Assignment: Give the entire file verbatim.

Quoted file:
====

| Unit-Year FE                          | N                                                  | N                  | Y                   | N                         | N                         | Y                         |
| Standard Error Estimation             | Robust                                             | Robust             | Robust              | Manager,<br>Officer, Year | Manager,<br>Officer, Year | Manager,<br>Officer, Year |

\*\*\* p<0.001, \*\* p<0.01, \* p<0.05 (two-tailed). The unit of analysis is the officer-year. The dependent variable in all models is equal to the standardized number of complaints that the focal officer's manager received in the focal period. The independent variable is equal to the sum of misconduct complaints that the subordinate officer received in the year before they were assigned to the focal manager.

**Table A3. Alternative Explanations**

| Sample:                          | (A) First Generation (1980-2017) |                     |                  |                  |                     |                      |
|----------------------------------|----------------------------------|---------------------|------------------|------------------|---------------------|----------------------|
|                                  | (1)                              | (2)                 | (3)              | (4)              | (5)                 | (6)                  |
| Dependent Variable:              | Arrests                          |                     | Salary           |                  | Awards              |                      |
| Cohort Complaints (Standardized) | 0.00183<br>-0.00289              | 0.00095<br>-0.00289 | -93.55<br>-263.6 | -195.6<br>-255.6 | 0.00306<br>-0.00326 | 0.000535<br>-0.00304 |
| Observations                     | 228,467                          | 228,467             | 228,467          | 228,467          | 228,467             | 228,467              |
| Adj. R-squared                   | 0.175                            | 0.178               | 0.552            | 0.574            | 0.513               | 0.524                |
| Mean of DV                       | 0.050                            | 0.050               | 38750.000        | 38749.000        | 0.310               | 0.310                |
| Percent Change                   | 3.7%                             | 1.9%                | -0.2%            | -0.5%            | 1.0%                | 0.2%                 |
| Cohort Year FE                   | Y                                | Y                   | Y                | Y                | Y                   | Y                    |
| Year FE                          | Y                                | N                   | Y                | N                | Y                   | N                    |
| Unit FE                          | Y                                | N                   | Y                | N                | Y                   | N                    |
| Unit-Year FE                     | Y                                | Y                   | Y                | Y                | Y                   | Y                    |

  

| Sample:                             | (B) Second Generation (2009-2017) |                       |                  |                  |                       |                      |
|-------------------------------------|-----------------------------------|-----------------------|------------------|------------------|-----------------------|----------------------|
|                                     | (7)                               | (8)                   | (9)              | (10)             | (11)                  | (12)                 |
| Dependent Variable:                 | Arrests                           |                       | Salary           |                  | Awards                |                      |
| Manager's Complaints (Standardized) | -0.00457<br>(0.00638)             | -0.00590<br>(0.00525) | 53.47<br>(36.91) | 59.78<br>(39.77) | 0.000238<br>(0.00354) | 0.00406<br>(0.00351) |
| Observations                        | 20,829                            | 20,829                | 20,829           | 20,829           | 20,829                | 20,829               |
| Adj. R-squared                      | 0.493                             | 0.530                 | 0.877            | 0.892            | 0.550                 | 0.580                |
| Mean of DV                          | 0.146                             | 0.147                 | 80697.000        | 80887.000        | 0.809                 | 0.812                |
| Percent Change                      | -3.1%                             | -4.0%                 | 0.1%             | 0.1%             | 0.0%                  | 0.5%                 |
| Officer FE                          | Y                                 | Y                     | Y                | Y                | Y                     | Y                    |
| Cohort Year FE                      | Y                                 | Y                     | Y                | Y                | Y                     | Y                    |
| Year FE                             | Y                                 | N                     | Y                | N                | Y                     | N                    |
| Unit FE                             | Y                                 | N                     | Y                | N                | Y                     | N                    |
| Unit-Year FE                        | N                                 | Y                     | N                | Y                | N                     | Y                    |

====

| Unit-Year FE                          | N                                                  | N                  | Y                   | N                         | N                         | Y                         |
| Standard Error Estimation             | Robust                                             | Robust             | Robust              | Manager,<br>Officer, Year | Manager,<br>Officer, Year | Manager,<br>Officer, Year |

\*\*\* p<0.001, \*\* p<0.01, \* p<0.05 (two-tailed). The unit of analysis is the officer-year. The dependent variable in all models is equal to the standardized number of complaints that the focal officer's manager received in the focal period. The independent variable is equal to the sum of misconduct complaints that the subordinate officer received in the year before they were assigned to the focal manager.

**Table A3. Alternative Explanations**

| Sample:                          | (A) First Generation (1980-2017) |                     |                  |                  |                     |                      |
|----------------------------------|----------------------------------|---------------------|------------------|------------------|---------------------|----------------------|
|                                  | (1)                              | (2)                 | (3)              | (4)              | (5)                 | (6)                  |
| Dependent Variable:              | Arrests                          |                     | Salary           |                  | Awards              |                      |
| Cohort Complaints (Standardized) | 0.00183<br>-0.00289              | 0.00095<br>-0.00289 | -93.55<br>-263.6 | -195.6<br>-255.6 | 0.00306<br>-0.00326 | 0.000535<br>-0.00304 |
| Observations                     | 228,467                          | 228,467             | 228,467          | 228,467          | 228,467             | 228,467              |
| Adj. R-squared                   | 0.175                            | 0.178               | 0.552            | 0.574            | 0.513               | 0.524                |
| Mean of DV                       | 0.050                            | 0.050               | 38750.000        | 38749.000        | 0.310               | 0.310                |
| Percent Change                   | 3.7%                             | 1.9%                | -0.2%            | -0.5%            | 1.0%                | 0.2%                 |
| Cohort Year FE                   | Y                                | Y                   | Y                | Y                | Y                   | Y                    |
| Year FE                          | Y                                | N                   | Y                | N                | Y                   | N                    |
| Unit FE                          | Y                                | N                   | Y                | N                | Y                   | N                    |
| Unit-Year FE                     | Y                                | Y                   | Y                | Y                | Y                   | Y                    |

  

| Sample:                             | (B) Second Generation (2009-2017) |                       |                  |                  |                       |                      |
|-------------------------------------|-----------------------------------|-----------------------|------------------|------------------|-----------------------|----------------------|
|                                     | (7)                               | (8)                   | (9)              | (10)             | (11)                  | (12)                 |
| Dependent Variable:                 | Arrests                           |                       | Salary           |                  | Awards                |                      |
| Manager's Complaints (Standardized) | -0.00457<br>(0.00638)             | -0.00590<br>(0.00525) | 53.47<br>(36.91) | 59.78<br>(39.77) | 0.000238<br>(0.00354) | 0.00406<br>(0.00351) |
| Observations                        | 20,829                            | 20,829                | 20,829           | 20,829           | 20,829                | 20,829               |
| Adj. R-squared                      | 0.493                             | 0.530                 | 0.877            | 0.892            | 0.550                 | 0.580                |
| Mean of DV                          | 0.146                             | 0.147                 | 80697.000        | 80887.000        | 0.809                 | 0.812                |
| Percent Change                      | -3.1%                             | -4.0%                 | 0.1%             | 0.1%             | 0.0%                  | 0.5%                 |
| Officer FE                          | Y                                 | Y                     | Y                | Y                | Y                     | Y                    |
| Cohort Year FE                      | Y                                 | Y                     | Y                | Y                | Y                     | Y                    |
| Year FE                             | Y                                 | N                     | Y                | N                | Y                     | N                    |
| Unit FE                             | Y                                 | N                     | Y                | N                | Y                     | N                    |
| Unit-Year FE                        | N                                 | Y                     | N                | Y                | N                     | Y                    |